On Wednesday, the Centre approved Prime Minister Narendra Modi’s 100 smart cities project, besides a complete overhaul of the national urban renewal mission. In its bid to fast track the project, the Centre has allocated Rs 48,000 crore to the Smart Cities Mission and Rs 50,000 crore to what will now be called the Atal Mission for Rejuvenation and Urban Transformation (AMRUT). In addition, Rs 100 crore will be set aside for every city for the Centre for five years, with built-in incentives to ascertain whether rigorous urban reforms are achieved. As per news reports, Smart Cities will be picked by something called the City Challenge Competition. In its essence, the competition seeks to link financing to these cities with their ability to perform, with 20 expected to be picked in the first round.
Once it gets the Centre’s nod, urban municipal bodies can seek augmented and planned assistance from the Centre. There is no doubt that our cities have been crying out for attention for a very long time.
Municipal structures in most cities have remained in a dysfunctional state for a long time. Shortages in basic staff and financial constraints, without adequate access to basic technology, continue to haunt civic municipalities. Its members too usually do not possess the requisite skills. The ability of our cities to govern and take care of basic civic issues largely depends on the concurrence between the political affiliations of the ruling party in the State and municipal body, allied with the political weight of its legislator. Although it is fair to suggest that metropolitan areas have fared better, significant sections of the city’s populace continue to remain outside their area of concern primarily due to a lack of resources and crumbling infrastructure. With the constant migration of people from the rural to urban centres in large numbers, the resources under various municipal structures are stretched beyond their very limits, with many unable to fulfil the demands of rising numbers. This is not to say that methods have not been sought to enhance civic governance in our country. In the early ‘90s, the Central government had passed the 73rd and 74th Constitutional amendments to empower States to create effective tiers for local governance. Once these amendments came into force, States were mandated to create reformed urban local bodies and initiate steps to make them effective. Unfortunately, many State governments have not followed suit. The problem, some suggest, stems from the politics involved in urban local bodies. Policy in the state is driven by the chief minister’s office and nothing can proceed without its incumbent’s approval. Due to the vagaries of politics, where the aim is to confine members of opposition, urban local bodies are kept under the thumb of its legislators, particularly those who form the government. The opposition is happy to go along with this idiom of State politics, as it suits their political future too. Eventually nothing gets done and its citizens are forced to fend for themselves.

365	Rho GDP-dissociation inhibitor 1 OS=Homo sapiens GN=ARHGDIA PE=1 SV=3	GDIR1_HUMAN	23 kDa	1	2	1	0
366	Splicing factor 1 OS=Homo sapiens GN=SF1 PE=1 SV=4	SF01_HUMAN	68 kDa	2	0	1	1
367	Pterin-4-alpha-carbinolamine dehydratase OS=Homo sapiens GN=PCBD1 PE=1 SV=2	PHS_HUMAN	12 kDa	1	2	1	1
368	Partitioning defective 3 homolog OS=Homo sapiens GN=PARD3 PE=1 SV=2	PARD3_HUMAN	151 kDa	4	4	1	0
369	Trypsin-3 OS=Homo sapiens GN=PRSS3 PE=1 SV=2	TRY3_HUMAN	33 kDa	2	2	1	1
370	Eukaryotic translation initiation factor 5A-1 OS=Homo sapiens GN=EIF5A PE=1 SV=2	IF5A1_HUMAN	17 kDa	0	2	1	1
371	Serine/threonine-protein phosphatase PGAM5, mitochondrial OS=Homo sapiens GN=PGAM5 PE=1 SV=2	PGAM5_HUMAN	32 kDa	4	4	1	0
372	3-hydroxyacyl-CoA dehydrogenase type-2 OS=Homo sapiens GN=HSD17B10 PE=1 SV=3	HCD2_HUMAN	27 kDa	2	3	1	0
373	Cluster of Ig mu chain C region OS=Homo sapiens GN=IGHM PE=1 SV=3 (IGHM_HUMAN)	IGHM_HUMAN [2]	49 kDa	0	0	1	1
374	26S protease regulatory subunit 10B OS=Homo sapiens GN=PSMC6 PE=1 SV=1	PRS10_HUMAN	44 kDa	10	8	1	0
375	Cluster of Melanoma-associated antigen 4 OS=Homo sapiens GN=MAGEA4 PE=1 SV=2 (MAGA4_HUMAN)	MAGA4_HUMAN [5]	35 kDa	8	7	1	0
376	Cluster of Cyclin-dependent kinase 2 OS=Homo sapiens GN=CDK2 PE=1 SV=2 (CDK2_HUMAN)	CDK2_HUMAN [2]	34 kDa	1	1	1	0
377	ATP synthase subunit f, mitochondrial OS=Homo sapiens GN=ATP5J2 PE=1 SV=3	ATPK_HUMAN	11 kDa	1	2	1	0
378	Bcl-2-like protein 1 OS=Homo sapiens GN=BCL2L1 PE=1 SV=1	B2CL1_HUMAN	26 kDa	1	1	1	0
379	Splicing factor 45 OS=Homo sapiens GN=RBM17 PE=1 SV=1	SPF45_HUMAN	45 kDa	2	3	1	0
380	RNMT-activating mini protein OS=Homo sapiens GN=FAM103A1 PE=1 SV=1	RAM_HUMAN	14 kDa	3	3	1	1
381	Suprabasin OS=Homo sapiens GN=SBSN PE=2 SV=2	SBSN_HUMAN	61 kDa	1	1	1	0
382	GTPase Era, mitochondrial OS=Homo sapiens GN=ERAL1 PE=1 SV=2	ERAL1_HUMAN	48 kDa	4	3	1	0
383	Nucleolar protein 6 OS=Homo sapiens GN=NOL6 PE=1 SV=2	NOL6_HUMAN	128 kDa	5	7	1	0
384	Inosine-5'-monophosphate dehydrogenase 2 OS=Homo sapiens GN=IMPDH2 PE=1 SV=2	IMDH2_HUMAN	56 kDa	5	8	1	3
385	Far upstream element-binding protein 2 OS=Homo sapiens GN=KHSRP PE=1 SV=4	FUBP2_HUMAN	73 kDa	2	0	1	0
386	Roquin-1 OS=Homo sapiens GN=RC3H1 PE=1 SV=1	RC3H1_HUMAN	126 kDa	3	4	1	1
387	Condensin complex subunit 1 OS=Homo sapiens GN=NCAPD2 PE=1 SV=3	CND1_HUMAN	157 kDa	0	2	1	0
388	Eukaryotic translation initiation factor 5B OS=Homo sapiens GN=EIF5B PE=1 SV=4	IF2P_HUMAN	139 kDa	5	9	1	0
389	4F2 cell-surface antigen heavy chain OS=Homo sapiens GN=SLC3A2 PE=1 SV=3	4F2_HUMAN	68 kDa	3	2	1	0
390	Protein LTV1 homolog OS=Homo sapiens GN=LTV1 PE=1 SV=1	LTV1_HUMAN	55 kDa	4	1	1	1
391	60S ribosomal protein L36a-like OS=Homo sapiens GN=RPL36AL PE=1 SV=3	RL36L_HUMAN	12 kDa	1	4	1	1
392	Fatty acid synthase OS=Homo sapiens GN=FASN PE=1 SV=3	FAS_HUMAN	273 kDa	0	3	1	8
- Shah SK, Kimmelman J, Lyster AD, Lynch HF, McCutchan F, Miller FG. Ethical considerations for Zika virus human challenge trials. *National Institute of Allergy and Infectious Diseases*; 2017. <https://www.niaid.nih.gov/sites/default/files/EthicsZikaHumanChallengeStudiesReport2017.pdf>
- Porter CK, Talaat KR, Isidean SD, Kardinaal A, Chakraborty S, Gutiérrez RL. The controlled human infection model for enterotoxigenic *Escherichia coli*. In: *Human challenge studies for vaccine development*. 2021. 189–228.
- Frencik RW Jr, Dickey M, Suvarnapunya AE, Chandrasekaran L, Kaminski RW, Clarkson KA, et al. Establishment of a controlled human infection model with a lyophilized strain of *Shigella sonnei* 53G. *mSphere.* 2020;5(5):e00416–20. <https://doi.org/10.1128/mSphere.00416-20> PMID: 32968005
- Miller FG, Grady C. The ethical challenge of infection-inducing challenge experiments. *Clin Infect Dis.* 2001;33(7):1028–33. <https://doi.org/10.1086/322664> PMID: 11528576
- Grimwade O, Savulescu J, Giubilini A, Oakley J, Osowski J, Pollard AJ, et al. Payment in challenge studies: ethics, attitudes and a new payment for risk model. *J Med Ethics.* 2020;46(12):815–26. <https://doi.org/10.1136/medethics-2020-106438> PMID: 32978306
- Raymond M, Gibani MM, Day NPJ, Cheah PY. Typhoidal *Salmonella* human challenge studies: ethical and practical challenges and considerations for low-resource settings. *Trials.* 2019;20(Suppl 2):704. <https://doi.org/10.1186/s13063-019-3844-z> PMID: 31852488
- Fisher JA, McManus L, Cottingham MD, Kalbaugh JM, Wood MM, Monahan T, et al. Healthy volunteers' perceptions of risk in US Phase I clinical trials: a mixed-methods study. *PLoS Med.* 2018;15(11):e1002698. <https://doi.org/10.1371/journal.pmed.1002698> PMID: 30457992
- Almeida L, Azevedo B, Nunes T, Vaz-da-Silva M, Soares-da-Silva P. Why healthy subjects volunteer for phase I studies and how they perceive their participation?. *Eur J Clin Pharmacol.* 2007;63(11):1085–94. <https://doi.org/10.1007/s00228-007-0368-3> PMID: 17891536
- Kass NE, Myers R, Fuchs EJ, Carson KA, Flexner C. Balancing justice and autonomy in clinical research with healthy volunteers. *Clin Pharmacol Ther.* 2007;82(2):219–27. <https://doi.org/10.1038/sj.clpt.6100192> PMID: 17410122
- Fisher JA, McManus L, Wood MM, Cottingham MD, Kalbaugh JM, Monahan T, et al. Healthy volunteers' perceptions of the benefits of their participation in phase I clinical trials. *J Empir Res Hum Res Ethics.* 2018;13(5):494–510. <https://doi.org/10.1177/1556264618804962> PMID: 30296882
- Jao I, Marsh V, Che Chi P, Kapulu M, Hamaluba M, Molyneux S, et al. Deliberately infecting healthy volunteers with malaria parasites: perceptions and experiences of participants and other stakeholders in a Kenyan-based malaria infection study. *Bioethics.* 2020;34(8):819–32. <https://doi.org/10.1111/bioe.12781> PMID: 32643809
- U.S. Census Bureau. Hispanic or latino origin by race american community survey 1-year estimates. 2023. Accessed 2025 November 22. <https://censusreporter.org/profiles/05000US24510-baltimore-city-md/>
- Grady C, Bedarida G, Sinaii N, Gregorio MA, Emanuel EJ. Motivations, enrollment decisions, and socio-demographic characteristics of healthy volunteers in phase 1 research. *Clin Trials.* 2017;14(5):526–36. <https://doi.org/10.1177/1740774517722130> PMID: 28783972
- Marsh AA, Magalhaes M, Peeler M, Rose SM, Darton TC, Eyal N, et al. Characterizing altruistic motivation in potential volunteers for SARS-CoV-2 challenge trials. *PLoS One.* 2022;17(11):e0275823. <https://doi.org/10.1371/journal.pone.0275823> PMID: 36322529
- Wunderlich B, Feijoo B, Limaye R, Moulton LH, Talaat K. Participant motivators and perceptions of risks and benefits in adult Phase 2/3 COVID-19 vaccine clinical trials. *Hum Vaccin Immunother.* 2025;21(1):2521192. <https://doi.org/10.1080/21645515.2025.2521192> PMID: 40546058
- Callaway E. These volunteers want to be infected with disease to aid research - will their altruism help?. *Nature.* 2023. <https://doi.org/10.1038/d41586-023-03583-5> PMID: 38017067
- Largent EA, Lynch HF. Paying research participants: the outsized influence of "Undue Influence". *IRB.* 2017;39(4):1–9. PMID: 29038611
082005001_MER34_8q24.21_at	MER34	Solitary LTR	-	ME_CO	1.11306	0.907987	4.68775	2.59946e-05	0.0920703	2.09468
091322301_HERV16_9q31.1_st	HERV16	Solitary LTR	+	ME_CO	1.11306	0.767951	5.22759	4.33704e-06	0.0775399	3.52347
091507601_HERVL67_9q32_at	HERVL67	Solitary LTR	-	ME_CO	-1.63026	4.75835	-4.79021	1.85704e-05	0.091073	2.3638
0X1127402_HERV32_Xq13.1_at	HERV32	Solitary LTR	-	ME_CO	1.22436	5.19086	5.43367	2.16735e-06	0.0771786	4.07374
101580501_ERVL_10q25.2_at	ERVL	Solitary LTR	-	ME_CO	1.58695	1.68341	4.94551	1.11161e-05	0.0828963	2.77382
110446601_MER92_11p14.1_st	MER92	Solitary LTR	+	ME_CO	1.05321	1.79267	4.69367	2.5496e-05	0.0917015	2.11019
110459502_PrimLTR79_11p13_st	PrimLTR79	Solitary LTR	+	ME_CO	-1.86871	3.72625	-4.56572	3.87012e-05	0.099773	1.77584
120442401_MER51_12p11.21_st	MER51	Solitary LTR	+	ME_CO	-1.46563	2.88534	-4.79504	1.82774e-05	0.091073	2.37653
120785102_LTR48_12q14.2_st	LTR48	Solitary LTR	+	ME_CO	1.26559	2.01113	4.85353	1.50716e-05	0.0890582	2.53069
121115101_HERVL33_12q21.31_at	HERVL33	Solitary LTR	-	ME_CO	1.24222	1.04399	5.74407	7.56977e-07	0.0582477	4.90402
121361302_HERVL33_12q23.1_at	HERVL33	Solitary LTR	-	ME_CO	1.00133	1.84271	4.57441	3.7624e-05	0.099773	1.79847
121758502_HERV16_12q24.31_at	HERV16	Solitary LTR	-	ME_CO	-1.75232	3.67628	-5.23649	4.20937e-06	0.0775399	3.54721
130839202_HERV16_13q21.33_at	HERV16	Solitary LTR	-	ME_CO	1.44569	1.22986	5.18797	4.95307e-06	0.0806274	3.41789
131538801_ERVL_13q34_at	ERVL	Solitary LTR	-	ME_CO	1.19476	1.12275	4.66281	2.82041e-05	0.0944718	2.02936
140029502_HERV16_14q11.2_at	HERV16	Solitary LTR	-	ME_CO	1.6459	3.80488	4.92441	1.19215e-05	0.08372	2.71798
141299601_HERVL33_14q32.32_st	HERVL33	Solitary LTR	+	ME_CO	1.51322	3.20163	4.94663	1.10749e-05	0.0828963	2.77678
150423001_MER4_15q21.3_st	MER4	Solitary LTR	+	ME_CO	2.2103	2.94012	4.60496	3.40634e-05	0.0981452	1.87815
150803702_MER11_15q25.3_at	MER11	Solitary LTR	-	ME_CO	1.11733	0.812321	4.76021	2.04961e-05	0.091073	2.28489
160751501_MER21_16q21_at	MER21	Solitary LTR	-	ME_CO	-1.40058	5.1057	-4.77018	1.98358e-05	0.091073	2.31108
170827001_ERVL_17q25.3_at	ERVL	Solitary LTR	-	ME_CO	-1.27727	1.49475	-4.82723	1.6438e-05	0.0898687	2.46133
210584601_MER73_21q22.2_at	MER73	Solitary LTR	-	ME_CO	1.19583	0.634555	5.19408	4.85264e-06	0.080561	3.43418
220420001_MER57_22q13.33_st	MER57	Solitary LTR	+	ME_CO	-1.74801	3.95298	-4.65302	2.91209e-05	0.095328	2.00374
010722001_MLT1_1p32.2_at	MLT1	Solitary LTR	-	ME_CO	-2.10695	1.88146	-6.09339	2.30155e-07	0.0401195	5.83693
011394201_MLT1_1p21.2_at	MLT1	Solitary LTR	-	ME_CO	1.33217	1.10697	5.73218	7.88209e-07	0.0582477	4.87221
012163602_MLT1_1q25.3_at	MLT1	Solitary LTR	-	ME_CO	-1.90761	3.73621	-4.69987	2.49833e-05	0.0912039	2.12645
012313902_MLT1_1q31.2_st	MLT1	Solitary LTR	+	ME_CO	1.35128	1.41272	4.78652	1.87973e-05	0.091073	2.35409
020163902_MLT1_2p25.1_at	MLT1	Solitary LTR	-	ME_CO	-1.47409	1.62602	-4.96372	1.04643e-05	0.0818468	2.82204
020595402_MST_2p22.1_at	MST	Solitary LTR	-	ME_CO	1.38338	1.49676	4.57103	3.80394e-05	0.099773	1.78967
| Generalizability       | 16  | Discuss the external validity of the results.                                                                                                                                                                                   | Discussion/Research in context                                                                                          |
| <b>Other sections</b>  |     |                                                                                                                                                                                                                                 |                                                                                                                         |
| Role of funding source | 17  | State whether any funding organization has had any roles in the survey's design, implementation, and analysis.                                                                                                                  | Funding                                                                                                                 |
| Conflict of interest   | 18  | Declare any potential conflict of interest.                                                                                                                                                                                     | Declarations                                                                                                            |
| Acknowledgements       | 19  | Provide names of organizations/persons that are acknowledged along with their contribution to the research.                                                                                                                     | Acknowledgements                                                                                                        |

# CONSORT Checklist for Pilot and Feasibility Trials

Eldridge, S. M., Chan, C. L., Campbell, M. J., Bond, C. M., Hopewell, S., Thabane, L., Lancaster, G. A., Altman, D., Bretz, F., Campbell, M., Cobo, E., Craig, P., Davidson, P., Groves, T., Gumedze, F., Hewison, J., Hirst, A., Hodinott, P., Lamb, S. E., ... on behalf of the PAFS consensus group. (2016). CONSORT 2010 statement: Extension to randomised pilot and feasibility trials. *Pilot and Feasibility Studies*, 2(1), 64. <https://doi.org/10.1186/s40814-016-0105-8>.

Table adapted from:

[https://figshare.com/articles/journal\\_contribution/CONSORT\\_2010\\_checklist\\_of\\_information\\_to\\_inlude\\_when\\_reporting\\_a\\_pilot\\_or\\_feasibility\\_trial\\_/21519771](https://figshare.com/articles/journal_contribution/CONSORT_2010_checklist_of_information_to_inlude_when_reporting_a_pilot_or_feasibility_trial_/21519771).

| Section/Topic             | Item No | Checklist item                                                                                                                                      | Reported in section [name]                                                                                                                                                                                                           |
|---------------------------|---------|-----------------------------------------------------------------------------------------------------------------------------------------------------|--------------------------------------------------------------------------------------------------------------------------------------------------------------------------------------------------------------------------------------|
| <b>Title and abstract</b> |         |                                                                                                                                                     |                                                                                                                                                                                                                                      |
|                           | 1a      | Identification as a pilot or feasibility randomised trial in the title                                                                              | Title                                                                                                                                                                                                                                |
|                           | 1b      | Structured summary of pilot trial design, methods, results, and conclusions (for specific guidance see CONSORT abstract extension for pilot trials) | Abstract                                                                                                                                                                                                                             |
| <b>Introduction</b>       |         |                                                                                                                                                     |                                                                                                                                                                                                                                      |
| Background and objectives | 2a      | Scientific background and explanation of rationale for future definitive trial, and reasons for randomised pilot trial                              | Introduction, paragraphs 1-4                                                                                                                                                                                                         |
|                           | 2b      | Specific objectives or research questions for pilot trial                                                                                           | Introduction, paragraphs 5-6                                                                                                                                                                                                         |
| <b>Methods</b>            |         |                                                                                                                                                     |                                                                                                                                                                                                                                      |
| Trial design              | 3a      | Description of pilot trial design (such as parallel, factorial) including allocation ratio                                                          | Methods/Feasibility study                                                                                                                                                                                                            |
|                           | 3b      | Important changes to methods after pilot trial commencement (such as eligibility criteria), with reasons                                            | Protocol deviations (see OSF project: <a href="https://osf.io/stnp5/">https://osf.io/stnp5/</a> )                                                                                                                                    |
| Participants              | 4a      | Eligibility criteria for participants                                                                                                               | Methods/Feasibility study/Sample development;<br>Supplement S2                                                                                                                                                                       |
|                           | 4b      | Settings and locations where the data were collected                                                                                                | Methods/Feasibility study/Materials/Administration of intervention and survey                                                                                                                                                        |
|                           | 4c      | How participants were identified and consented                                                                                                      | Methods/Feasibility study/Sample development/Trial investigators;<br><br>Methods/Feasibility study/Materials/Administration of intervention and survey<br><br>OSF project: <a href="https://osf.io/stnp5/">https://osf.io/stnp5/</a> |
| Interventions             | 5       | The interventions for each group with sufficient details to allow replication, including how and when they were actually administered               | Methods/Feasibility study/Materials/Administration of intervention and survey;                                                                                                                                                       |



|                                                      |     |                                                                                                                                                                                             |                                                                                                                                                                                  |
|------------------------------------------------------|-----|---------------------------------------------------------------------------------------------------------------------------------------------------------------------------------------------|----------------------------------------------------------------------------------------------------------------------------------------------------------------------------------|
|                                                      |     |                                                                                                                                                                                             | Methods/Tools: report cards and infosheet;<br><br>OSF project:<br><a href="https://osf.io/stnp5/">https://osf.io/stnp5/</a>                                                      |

Prime Minister Modi’s Smart City project, therefore, would force municipal bodies to reorganise themselves to qualify for the City Challenge Competition. The incentives created are a step in the right direction. In addition to the project, however, the Centre must tweak legislation to create fixed tenures for Mayors and Commissions, besides the formation of a municipal-service driven cadre.